Anyone who has ever eaten a macaron will know that they pack a pretty sweet punch. Eat enough of them and you’re staring down the barrel of a sugar coma. So this month’s Mactweet challenge was pretty tricky. “Create a savoury macaron,” said our hosts Jamie and Deeba.
Hmmmm...I wasn’t game to try mucking around with the sugar ratio too much because I’ve been there, done that and the results weren’t good. Instead, I racked my brains trying to work out what kind of sweet-salty combination would work. Inspiration took a long time coming, but when I read the challenge again, something caught my eye. “Invent a macaron to be served ... as hors d’oeuvres with a glass of champagne”. This made me think of a cheese platter, and so the Oat and Parmesan macaron shell was born. I was thinking of those oat biscuits you serve cheese on, so I added some finely ground rolled oats into the shell. But what to fill it with? A slice of brie and some caramelised pear of course. (I know it sounds a bit strange but I urge you to try this combo, it really, really works as a savoury macaron!).
While the flavour combo worked fabulously, my idea of topping the macaron shells with grated parmesan cheese was a semi-fail. I forgot that the cheese would weigh down on the shells and affect the “rise”. The shells with the least amount of cheese on them looked the best.
In hindsight, I should have just made the shells without the cheese topping, and made a cheese disc instead, like this, to sandwich in the mac, or balance on top for a touch of whimsy. Live and learn.
Normally, I would have tried making another batch of macarons, but I’ve been a tad busy. Doing what you may ask? Making more macarons of course :)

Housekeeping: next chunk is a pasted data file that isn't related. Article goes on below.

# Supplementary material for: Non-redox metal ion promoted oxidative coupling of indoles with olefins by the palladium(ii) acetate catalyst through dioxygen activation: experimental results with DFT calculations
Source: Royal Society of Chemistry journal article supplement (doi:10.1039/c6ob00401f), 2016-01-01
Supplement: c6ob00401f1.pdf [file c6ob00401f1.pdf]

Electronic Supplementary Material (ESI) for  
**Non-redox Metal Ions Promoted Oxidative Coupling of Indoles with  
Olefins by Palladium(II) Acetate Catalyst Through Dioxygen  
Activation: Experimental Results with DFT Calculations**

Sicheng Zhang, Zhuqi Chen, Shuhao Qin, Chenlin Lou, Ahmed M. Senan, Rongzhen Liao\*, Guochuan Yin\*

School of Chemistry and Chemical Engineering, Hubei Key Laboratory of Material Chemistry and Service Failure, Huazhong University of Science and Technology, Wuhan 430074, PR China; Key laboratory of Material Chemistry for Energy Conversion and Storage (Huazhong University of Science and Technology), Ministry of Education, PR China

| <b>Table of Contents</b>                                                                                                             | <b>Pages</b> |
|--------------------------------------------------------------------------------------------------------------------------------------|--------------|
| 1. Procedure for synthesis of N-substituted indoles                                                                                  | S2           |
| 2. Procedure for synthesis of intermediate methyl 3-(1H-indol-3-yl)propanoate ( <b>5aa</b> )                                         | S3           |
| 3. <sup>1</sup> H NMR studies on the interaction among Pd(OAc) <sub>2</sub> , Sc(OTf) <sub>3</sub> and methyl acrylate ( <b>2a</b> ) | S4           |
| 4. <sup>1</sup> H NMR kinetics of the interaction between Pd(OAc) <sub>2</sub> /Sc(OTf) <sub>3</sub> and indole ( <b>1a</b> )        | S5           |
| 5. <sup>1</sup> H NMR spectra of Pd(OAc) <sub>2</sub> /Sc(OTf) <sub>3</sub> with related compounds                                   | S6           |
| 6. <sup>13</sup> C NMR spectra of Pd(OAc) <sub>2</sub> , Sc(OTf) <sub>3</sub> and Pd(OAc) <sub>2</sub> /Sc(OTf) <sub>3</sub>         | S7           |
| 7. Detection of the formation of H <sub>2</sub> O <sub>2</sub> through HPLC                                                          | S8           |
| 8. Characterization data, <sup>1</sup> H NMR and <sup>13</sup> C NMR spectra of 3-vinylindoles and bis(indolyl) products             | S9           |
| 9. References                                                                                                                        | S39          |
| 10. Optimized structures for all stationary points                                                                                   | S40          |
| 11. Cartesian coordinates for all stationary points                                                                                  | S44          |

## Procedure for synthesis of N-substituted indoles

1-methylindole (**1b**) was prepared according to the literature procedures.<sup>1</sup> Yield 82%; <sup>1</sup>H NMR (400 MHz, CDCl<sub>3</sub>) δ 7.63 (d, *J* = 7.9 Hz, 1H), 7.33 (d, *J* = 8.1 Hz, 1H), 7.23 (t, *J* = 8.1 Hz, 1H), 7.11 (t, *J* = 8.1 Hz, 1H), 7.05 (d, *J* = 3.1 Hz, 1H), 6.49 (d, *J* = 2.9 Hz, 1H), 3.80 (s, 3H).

Here are some Christmas themed chocolate macarons.
I piped circles with a 1/4 inch tip, then put some macaron batter into a baking paper icing bag and used this to pipe antlers. Then I added red cachous for the noses. When the macarons had cooled, I used a toothpick to blob on some melted white chocolate for eyes, and another toothpick dipped in food colouring formed the pupils.
Instead of piping, you can even used slivered almonds for antlers!
Only three more sleeps to Christmas! Come back late tomorrow to find out what the Daring Bakers made for the holiday season :)
See you soon and happy baking.
For the oat and parmesan shells, I halved and modified David Lebovitz’s chocolate macaron recipe. I used 50g icing sugar, 20g almond meal, 15 g rolled oats, 35g eggwhite and 30g caster sugar. I lightly toasted the almond meal and the oats together, then blitzen (ha ha) them in the food processor until fine. Proceed according to French macaron method.
For the pear, I cooked thin slices of pear with butter and a touch of water until soft, then added some brown sugar to caramelise and coat the pears in a thick syrup.